I would like to know what is the difference between the tuff/tough/difficult times.

I would be glad, if someone could explain me the correct usage of those. Does it have any significant difference?

For example can I say "tuff time" if I have a "fairly bad" day? What about the "quite bad" day?

I appreciate every answer!

  • 5
    The adjective "tuff" is slang for "cool/stylish" or non standard spelling of "tough" and not supposed to be used in writing. Definitions of tough and difficult. – None Jul 10 '16 at 11:22
  • 1
    I've never really heard of "tuff" before. As for "tough time" and "difficult time", these is no significant difference in meaning. – Em. Jul 10 '16 at 12:11
  • Ohh, I see. Nowadays I heard a lot in conversations, or in YouTube videos. Let me find you a few example:). – Bálint Pap Jul 10 '16 at 12:47

As others have said "tuff" is an alternate slang spelling of "tough". In my personal opinion the spelling "tuff" feels uncool and outdated. You can look at the ngram and draw your own conclusion.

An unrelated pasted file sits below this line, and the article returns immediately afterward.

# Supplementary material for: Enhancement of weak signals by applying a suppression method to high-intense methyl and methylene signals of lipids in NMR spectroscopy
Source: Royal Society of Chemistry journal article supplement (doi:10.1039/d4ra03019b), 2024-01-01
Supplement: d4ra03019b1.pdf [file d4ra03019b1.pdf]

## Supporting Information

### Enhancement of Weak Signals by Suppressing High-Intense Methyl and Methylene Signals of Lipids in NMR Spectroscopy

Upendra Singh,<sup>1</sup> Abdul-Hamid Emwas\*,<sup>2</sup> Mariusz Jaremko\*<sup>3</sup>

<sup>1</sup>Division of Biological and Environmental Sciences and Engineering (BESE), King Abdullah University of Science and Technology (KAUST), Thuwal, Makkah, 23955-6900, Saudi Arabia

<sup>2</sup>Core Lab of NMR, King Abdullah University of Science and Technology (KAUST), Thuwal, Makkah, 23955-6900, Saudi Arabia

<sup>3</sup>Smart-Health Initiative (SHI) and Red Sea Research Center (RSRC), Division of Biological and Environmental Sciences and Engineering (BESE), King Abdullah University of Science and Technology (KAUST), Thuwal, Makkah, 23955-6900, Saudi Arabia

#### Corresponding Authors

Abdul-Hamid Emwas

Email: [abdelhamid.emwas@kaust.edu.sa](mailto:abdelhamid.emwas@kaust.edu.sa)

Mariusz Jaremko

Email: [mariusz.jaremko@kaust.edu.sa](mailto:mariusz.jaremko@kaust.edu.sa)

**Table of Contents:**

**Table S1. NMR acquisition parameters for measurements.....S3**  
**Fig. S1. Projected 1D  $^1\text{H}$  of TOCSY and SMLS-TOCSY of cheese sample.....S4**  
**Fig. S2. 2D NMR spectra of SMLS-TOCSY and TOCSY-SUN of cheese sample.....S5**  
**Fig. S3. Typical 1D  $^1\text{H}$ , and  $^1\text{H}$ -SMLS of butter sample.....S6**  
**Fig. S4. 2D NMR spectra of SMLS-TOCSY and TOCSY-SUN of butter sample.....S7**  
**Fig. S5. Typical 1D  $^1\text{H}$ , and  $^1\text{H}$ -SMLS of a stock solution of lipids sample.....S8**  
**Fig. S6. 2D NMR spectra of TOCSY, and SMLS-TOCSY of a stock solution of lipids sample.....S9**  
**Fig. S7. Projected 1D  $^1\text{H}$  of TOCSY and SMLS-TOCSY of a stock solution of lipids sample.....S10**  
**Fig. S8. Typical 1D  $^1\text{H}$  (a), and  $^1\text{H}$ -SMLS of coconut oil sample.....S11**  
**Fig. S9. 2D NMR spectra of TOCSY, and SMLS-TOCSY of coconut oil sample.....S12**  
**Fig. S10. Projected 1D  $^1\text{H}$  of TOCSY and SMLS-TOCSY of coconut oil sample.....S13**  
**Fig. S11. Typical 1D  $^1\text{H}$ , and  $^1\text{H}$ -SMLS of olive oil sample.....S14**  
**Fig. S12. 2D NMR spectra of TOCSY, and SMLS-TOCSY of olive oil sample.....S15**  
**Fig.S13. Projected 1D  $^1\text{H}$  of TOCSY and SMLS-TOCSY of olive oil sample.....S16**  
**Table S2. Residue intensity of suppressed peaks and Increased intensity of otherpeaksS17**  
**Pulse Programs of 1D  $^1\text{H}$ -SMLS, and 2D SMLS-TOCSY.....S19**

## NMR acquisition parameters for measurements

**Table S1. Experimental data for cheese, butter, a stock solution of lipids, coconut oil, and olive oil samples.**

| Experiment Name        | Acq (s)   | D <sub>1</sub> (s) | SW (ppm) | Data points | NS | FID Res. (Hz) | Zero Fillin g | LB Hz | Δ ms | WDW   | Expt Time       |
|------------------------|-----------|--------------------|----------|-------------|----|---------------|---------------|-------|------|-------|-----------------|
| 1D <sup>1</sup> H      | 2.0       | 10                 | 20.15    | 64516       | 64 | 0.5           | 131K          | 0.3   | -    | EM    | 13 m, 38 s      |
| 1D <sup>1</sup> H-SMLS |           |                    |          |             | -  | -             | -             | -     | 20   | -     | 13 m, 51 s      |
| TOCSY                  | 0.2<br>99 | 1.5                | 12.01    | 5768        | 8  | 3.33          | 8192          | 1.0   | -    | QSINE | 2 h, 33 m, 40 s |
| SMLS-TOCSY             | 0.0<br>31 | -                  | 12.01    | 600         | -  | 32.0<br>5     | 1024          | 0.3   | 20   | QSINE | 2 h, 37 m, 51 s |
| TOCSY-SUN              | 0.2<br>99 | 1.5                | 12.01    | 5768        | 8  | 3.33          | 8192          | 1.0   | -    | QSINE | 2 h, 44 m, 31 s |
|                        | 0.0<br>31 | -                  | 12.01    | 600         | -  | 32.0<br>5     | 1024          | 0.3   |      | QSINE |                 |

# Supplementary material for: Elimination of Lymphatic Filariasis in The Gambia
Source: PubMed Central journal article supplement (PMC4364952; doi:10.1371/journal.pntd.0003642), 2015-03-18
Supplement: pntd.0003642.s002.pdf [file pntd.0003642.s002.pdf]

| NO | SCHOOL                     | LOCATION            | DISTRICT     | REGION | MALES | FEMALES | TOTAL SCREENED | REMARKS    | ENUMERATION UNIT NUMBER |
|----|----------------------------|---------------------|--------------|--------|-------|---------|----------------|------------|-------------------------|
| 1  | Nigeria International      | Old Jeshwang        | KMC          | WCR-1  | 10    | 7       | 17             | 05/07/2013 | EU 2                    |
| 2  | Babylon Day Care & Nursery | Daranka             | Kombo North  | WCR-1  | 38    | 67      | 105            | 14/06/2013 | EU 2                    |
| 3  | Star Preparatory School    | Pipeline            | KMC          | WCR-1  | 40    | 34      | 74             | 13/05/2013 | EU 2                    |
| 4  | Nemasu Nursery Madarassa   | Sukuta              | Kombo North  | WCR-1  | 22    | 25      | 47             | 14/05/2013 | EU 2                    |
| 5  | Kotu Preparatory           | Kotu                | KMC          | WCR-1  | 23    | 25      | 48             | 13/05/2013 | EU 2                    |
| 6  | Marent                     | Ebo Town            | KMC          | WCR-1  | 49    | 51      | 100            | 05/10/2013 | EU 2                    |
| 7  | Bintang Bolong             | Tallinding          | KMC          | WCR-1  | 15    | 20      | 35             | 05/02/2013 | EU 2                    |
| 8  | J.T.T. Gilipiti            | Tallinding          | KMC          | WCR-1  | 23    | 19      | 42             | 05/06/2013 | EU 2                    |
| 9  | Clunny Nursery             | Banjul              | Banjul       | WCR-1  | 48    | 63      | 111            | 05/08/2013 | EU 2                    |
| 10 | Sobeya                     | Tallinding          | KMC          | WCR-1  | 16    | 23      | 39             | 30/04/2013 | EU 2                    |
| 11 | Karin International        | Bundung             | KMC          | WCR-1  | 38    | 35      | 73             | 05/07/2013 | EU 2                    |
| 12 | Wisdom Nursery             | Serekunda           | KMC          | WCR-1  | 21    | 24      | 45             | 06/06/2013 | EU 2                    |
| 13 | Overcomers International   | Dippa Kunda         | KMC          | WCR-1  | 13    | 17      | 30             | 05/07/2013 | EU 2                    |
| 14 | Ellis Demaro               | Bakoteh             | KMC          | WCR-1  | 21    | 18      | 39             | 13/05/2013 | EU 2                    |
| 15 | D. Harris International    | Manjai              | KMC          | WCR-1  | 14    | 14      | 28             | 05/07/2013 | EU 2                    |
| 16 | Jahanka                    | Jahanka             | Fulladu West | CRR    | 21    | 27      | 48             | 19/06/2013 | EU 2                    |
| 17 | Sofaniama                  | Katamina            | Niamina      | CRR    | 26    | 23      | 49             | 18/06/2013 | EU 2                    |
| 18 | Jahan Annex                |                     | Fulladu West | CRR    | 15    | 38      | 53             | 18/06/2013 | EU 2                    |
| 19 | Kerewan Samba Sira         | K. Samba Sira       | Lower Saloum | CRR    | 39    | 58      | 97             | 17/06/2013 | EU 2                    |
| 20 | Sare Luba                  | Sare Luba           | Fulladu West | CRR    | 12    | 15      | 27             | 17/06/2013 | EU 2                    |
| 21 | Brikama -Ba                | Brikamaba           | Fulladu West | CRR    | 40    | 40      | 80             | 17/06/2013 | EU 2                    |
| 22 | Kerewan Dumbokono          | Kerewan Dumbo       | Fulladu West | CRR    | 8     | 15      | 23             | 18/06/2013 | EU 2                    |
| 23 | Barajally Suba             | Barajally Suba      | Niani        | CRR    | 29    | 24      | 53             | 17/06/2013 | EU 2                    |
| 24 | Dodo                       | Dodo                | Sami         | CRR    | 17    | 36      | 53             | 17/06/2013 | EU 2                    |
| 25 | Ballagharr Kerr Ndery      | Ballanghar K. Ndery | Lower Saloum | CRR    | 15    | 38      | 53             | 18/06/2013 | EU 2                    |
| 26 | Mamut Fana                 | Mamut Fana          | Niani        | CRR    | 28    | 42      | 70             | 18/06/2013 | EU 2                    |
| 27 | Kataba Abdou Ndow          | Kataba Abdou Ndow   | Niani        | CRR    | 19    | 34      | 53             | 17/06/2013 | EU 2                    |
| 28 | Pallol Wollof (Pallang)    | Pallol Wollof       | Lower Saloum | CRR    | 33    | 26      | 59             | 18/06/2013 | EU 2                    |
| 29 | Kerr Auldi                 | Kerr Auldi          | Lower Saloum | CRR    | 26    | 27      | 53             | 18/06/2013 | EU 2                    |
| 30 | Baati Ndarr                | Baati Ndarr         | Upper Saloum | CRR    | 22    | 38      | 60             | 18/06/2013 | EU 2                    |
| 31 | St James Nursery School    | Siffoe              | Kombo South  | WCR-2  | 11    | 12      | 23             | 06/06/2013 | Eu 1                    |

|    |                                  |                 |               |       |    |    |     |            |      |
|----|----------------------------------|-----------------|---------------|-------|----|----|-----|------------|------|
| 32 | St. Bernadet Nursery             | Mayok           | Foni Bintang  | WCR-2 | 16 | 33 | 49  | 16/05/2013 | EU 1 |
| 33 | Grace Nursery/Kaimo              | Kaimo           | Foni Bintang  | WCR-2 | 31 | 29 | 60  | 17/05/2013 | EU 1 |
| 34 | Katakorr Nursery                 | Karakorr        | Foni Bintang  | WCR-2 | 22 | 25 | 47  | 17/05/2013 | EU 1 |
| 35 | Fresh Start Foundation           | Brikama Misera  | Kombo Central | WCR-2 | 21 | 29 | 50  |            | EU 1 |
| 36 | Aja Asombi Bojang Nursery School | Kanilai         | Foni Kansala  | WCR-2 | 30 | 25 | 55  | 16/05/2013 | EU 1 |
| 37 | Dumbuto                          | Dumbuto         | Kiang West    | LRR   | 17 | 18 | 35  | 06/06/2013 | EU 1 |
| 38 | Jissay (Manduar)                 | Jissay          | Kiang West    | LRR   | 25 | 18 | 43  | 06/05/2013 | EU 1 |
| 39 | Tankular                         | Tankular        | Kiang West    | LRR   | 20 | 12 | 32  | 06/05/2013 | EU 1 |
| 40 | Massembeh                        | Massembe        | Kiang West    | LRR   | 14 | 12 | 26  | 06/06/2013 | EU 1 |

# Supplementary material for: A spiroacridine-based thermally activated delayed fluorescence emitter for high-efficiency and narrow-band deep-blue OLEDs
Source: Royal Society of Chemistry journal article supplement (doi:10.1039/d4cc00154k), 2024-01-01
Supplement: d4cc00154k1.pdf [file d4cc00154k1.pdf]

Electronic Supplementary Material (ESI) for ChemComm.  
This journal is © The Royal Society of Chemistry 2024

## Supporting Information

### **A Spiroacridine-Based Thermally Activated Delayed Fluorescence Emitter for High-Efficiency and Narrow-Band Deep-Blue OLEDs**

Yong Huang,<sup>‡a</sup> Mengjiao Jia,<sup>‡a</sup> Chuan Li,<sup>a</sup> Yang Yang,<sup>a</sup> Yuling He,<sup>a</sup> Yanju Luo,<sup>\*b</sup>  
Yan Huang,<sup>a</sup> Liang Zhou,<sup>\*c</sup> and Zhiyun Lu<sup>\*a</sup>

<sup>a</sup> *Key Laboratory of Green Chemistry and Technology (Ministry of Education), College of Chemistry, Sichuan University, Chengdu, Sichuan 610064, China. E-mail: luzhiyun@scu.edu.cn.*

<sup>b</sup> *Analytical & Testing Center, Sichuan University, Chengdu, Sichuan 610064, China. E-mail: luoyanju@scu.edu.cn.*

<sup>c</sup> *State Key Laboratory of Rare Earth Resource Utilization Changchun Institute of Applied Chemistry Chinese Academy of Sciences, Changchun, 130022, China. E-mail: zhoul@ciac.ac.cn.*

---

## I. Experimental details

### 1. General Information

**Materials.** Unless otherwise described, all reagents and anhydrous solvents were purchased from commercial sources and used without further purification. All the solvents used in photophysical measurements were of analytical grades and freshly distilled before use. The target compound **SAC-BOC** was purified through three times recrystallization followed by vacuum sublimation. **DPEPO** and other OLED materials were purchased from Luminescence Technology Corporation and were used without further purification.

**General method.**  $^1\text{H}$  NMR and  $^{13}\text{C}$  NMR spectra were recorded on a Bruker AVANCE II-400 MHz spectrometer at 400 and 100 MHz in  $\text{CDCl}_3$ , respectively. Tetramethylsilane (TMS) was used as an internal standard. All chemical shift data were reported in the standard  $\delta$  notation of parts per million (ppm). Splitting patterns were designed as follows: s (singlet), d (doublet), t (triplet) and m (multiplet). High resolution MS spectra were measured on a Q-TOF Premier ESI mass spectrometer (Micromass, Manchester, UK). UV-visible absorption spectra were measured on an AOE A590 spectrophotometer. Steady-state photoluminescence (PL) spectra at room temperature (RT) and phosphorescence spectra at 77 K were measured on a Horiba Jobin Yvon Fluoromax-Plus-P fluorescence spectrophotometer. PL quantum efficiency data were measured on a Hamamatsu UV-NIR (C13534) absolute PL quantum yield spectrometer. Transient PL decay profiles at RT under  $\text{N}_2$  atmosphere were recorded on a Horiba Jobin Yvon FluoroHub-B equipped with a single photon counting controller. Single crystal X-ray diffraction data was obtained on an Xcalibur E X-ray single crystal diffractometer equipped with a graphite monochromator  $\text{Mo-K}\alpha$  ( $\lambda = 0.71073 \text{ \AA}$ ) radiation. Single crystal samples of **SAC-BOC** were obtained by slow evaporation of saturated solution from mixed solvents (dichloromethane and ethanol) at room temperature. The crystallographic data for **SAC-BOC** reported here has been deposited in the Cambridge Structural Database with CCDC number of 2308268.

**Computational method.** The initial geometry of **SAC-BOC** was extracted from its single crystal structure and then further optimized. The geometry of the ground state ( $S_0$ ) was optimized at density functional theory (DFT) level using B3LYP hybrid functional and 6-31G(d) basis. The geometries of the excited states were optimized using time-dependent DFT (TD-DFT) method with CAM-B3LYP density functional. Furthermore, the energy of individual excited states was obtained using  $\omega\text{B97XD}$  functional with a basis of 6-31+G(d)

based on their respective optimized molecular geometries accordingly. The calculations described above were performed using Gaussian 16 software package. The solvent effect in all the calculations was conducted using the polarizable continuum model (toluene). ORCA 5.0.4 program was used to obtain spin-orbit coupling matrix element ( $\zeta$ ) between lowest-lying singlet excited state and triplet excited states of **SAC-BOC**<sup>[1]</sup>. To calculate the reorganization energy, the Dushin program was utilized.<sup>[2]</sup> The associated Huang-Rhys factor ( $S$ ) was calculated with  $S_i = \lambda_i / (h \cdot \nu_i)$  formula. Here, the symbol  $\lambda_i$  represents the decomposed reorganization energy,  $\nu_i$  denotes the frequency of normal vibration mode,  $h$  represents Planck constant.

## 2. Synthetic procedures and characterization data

Here are some examples where tough and difficult have similar meanings:

I'm having a tough/difficult time fitting in at my new workplace.

My father just passed away and I've been having a tough/difficult time lately.

If we compare tough/difficult to fairly/quite bad. I would say that the former implies some sort of difficulties in performing a task whereas the latter just implies a generally bad situation.

I've been trying to set up a new webpage but the web server is using a outdated OS, the electricity went out yesterday and then I forgot the admin password this morning. I'm having a pretty tough/difficult time with this.

A bird pooped on my windshield, I forgot my lunch at home and my boss told me that I will have to come in to work on Saturday. I'm having a fairly/quite/pretty bad day.


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